Retiring Texas Republicans blast anti-trans bill on their way out the door

The legislation seems poised to return in 2019.

Texas Lt. Governor Dan Patrick (R), who championed the anti-trans bill, and House Speaker Joe Straus (R), who blocked it. CREDIT: Robert Daemmrich Photography Inc/Corbis via Getty Images
Texas Lt. Governor Dan Patrick (R), who championed the anti-trans bill, and House Speaker Joe Straus (R), who blocked it. CREDIT: Robert Daemmrich Photography Inc/Corbis via Getty Images

The Texas legislature only convenes in odd-number years, but lawmakers are still finding other ways to debate the anti-trans legislation that failed to pass last year known as SB6.

A new report out of the Texas House Select Committee on Economic Competitiveness skewers the so-called “bathroom bill” even as conservatives seem poised to resurrect it in 2019. Texas’ business community, the report states, “was seriously threatened during the 85th Legislature when legislation known as the ‘bathroom bill’ became a major priority for first the lieutenant governor and then the governor.” According to the report, SB6 was an “unnecessary” social priority based on flawed arguments:

Although this legislation was touted by its proponents as necessary for protecting the “privacy and safety” of women and children, law enforcement testified that there were already laws on the books to protect women and children from any crime that could possibly occur in any restroom. Moreover, the legislation only applied to government buildings. If the proposed law was so necessary to “protect women and children,” why would it not also apply to all public restrooms? If passed, would that have meant that women and children were not safe using non-government restrooms and why would that be acceptable?

Even though the bill failed to pass, the fact it was pushed — including in a special session after the regular session had adjourned — might be enough to scare off companies such as Amazon from relocating to Texas. The report calls on state leaders to publicly state that it will not be considered again, given that Austin and Dallas are among the finalists for Amazon’s HQ2.

The report also notes that consideration of SB6 prompted at least three groups to cancel their conventions in Texas, resulting in a loss of $66 million in economic activity.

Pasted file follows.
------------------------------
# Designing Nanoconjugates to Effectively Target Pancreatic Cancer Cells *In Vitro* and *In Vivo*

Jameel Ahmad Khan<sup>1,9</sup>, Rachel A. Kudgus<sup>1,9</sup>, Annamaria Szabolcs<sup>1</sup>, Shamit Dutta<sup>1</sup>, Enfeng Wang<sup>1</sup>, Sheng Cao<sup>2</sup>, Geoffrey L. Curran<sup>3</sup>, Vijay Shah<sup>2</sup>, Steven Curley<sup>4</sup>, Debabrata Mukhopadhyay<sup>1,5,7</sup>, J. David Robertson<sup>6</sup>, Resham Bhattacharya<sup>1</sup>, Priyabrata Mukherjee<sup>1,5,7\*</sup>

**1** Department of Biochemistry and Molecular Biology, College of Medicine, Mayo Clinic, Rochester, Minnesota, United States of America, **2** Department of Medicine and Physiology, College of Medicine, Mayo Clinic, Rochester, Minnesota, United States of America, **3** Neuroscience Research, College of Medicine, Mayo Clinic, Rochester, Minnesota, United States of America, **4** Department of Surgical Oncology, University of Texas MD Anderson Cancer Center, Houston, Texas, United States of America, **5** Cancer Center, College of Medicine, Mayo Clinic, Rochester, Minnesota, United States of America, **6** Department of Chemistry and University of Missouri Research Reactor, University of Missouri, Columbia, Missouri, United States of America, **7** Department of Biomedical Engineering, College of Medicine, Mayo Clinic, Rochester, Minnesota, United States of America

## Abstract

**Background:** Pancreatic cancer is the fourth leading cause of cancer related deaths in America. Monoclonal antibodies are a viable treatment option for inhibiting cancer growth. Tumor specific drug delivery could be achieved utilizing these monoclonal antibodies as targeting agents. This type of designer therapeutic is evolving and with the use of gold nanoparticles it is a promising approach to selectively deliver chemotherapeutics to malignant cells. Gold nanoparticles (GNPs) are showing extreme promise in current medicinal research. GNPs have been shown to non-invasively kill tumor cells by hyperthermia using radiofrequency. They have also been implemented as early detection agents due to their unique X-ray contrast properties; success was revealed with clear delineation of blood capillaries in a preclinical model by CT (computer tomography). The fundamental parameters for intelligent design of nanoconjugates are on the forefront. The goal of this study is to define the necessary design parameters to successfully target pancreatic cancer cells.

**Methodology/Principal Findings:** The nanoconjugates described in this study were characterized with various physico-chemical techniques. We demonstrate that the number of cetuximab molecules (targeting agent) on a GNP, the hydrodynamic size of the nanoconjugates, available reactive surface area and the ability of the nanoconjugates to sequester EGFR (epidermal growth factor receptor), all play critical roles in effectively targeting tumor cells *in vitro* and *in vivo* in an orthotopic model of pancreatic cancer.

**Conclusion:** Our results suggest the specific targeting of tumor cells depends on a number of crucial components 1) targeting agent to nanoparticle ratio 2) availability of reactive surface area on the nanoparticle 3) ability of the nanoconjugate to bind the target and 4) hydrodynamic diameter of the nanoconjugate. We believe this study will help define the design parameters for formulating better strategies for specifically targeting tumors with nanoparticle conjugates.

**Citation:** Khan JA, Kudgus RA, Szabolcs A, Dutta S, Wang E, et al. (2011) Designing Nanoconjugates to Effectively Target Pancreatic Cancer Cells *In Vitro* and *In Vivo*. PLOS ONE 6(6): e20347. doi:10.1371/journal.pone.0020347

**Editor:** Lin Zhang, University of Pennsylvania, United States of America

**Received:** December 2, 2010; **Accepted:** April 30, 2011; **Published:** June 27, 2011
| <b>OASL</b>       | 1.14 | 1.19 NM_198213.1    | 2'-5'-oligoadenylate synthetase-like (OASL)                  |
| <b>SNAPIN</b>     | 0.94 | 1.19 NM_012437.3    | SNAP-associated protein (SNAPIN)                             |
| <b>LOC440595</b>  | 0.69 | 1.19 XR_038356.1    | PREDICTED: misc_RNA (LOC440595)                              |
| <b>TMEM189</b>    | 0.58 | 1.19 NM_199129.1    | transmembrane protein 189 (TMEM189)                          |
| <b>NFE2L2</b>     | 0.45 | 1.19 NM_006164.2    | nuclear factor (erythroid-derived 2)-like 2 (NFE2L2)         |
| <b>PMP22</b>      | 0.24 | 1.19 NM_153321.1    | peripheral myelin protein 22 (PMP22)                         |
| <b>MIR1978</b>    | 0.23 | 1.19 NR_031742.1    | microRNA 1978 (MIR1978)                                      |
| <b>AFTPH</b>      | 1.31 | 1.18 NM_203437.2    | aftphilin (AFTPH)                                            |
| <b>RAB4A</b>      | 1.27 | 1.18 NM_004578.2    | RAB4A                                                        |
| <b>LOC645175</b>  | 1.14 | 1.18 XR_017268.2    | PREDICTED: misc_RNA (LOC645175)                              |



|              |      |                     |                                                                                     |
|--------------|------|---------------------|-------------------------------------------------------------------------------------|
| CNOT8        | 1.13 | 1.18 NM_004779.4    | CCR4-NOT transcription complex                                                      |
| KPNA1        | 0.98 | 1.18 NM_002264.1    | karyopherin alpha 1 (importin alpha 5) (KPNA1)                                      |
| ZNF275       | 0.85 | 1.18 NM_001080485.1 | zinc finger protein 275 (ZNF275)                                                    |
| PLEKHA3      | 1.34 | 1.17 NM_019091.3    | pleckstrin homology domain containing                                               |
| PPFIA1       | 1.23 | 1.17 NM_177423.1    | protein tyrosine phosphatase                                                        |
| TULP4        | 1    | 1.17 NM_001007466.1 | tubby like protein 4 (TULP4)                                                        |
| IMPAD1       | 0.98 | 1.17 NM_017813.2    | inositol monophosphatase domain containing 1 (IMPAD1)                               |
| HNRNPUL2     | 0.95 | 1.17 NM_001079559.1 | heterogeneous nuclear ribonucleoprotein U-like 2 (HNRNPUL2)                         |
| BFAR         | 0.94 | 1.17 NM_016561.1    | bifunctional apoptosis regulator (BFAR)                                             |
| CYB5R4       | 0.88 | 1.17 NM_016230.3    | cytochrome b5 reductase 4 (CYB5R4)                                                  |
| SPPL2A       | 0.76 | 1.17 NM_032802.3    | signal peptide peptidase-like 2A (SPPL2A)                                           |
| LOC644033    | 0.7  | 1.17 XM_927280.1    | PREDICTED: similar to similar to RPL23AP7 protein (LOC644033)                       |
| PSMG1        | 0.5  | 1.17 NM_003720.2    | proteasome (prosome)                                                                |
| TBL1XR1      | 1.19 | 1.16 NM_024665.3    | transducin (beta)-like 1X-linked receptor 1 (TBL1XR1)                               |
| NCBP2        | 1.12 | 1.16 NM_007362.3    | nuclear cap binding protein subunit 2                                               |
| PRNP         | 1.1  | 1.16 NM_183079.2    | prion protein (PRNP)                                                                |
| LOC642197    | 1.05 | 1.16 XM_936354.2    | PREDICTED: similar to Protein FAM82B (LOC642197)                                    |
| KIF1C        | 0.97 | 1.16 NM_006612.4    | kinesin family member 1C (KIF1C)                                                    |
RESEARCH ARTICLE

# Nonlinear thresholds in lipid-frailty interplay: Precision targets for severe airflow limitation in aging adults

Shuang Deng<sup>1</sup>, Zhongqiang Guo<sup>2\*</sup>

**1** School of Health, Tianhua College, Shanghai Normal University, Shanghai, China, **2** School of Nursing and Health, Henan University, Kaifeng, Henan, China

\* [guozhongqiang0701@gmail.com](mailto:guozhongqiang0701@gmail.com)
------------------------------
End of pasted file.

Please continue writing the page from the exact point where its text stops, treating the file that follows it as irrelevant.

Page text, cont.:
Outgoing House Speaker Joe Straus (R), who helped keep the bill from passing, picked the economic committee members after the special session ended, appointing state Rep. Byron Cook (R) to chair it. Both are retiring at the end of their terms this year.

Cook offered up his own bombshell about the anti-trans bill in coordination with the report’s release: despite his public support for SB6, Cook revealed, Gov. Greg Abbott’s top aides were insisting behind the scenes that the bill should fail during the regular session. Cook called it a “loud and clear message.” (Abbott seemingly flipped at some point, adding the bill as a priority for the special session.)

“I can tell you that in the regular session, they said they did not want this bill on the governor’s desk,” Cook told the American-Statesman. “Why that would’ve been added to the special session, I can’t speak to that.”

Abbott’s office has not responded to inquiries about Cook’s comments.

Despite the bill’s failure, Republican leadership in the state seems poised to bring it back in 2019. Voters in the Republican primary earlier this month responded positively to a ballot proposition that echoed the language in SB6, asking whether Texas “should protect the privacy and safety of women and children in spaces such as bathrooms, locker rooms, and showers in all Texas schools and government buildings.” More than 90 percent of voters responded “Yes.”

The issue is a polarizing one: on their primary ballot, Texas Democrats asked voters whether all residents should be “free from discrimination and harassment anywhere…no matter how they identify.” Ninety-seven percent of voters agreed.